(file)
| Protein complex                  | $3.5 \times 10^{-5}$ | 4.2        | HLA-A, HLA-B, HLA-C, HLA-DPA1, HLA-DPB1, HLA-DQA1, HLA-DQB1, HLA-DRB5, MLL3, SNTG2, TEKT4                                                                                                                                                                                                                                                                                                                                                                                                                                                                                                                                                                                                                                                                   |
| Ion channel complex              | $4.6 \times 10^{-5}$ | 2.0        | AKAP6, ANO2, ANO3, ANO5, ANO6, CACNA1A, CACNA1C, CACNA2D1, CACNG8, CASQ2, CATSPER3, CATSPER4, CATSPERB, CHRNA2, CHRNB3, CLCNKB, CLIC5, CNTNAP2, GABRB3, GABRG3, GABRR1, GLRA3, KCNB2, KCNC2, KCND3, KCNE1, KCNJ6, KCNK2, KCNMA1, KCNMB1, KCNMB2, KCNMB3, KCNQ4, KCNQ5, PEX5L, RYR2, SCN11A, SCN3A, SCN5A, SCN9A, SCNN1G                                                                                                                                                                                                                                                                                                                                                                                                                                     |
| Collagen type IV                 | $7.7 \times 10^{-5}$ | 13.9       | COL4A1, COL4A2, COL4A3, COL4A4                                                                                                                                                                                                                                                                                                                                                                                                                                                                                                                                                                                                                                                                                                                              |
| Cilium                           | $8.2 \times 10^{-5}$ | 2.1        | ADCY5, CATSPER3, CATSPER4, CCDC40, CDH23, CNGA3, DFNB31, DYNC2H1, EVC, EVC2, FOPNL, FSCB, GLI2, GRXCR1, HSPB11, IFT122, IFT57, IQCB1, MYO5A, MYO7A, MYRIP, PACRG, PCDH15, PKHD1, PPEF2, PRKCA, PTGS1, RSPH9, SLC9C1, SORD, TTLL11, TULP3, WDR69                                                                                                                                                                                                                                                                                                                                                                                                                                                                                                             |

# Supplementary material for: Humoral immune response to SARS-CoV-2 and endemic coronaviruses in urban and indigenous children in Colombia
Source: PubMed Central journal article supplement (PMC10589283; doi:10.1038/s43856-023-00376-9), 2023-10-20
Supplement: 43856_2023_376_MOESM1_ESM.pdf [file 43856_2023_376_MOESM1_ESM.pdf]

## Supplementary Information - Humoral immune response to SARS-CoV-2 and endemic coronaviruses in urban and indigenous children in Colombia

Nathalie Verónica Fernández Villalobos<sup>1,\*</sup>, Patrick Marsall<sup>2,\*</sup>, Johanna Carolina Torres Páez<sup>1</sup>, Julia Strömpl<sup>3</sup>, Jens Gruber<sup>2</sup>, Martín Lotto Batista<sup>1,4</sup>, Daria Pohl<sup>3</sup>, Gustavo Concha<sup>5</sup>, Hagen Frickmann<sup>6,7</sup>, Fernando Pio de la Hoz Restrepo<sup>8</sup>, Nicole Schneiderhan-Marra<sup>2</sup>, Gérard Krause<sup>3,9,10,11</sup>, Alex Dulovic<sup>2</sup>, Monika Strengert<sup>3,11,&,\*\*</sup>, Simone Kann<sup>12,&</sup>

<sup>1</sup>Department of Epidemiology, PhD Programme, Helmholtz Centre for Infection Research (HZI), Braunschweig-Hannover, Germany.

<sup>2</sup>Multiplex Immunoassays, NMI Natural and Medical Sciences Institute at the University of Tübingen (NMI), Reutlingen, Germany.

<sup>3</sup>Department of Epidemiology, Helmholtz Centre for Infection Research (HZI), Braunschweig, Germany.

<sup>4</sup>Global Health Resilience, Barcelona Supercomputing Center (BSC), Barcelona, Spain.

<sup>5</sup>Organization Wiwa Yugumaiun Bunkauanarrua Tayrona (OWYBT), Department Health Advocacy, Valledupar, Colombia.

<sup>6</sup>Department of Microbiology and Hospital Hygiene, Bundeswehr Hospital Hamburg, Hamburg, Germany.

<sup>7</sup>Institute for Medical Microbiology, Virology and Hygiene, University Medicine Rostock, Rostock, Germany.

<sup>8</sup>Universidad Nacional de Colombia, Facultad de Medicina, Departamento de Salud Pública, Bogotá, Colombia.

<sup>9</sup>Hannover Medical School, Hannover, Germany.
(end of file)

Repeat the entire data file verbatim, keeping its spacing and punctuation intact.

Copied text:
| Protein complex                  | $3.5 \times 10^{-5}$ | 4.2        | HLA-A, HLA-B, HLA-C, HLA-DPA1, HLA-DPB1, HLA-DQA1, HLA-DQB1, HLA-DRB5, MLL3, SNTG2, TEKT4                                                                                                                                                                                                                                                                                                                                                                                                                                                                                                                                                                                                                                                                   |
| Ion channel complex              | $4.6 \times 10^{-5}$ | 2.0        | AKAP6, ANO2, ANO3, ANO5, ANO6, CACNA1A, CACNA1C, CACNA2D1, CACNG8, CASQ2, CATSPER3, CATSPER4, CATSPERB, CHRNA2, CHRNB3, CLCNKB, CLIC5, CNTNAP2, GABRB3, GABRG3, GABRR1, GLRA3, KCNB2, KCNC2, KCND3, KCNE1, KCNJ6, KCNK2, KCNMA1, KCNMB1, KCNMB2, KCNMB3, KCNQ4, KCNQ5, PEX5L, RYR2, SCN11A, SCN3A, SCN5A, SCN9A, SCNN1G                                                                                                                                                                                                                                                                                                                                                                                                                                     |
| Collagen type IV                 | $7.7 \times 10^{-5}$ | 13.9       | COL4A1, COL4A2, COL4A3, COL4A4                                                                                                                                                                                                                                                                                                                                                                                                                                                                                                                                                                                                                                                                                                                              |
| Cilium                           | $8.2 \times 10^{-5}$ | 2.1        | ADCY5, CATSPER3, CATSPER4, CCDC40, CDH23, CNGA3, DFNB31, DYNC2H1, EVC, EVC2, FOPNL, FSCB, GLI2, GRXCR1, HSPB11, IFT122, IFT57, IQCB1, MYO5A, MYO7A, MYRIP, PACRG, PCDH15, PKHD1, PPEF2, PRKCA, PTGS1, RSPH9, SLC9C1, SORD, TTLL11, TULP3, WDR69                                                                                                                                                                                                                                                                                                                                                                                                                                                                                                             |

# Supplementary material for: Humoral immune response to SARS-CoV-2 and endemic coronaviruses in urban and indigenous children in Colombia
Source: PubMed Central journal article supplement (PMC10589283; doi:10.1038/s43856-023-00376-9), 2023-10-20
Supplement: 43856_2023_376_MOESM1_ESM.pdf [file 43856_2023_376_MOESM1_ESM.pdf]

## Supplementary Information - Humoral immune response to SARS-CoV-2 and endemic coronaviruses in urban and indigenous children in Colombia

Nathalie Verónica Fernández Villalobos<sup>1,\*</sup>, Patrick Marsall<sup>2,\*</sup>, Johanna Carolina Torres Páez<sup>1</sup>, Julia Strömpl<sup>3</sup>, Jens Gruber<sup>2</sup>, Martín Lotto Batista<sup>1,4</sup>, Daria Pohl<sup>3</sup>, Gustavo Concha<sup>5</sup>, Hagen Frickmann<sup>6,7</sup>, Fernando Pio de la Hoz Restrepo<sup>8</sup>, Nicole Schneiderhan-Marra<sup>2</sup>, Gérard Krause<sup>3,9,10,11</sup>, Alex Dulovic<sup>2</sup>, Monika Strengert<sup>3,11,&,\*\*</sup>, Simone Kann<sup>12,&</sup>

<sup>1</sup>Department of Epidemiology, PhD Programme, Helmholtz Centre for Infection Research (HZI), Braunschweig-Hannover, Germany.

<sup>2</sup>Multiplex Immunoassays, NMI Natural and Medical Sciences Institute at the University of Tübingen (NMI), Reutlingen, Germany.

<sup>3</sup>Department of Epidemiology, Helmholtz Centre for Infection Research (HZI), Braunschweig, Germany.

<sup>4</sup>Global Health Resilience, Barcelona Supercomputing Center (BSC), Barcelona, Spain.

<sup>5</sup>Organization Wiwa Yugumaiun Bunkauanarrua Tayrona (OWYBT), Department Health Advocacy, Valledupar, Colombia.

<sup>6</sup>Department of Microbiology and Hospital Hygiene, Bundeswehr Hospital Hamburg, Hamburg, Germany.

<sup>7</sup>Institute for Medical Microbiology, Virology and Hygiene, University Medicine Rostock, Rostock, Germany.

<sup>8</sup>Universidad Nacional de Colombia, Facultad de Medicina, Departamento de Salud Pública, Bogotá, Colombia.

<sup>9</sup>Hannover Medical School, Hannover, Germany.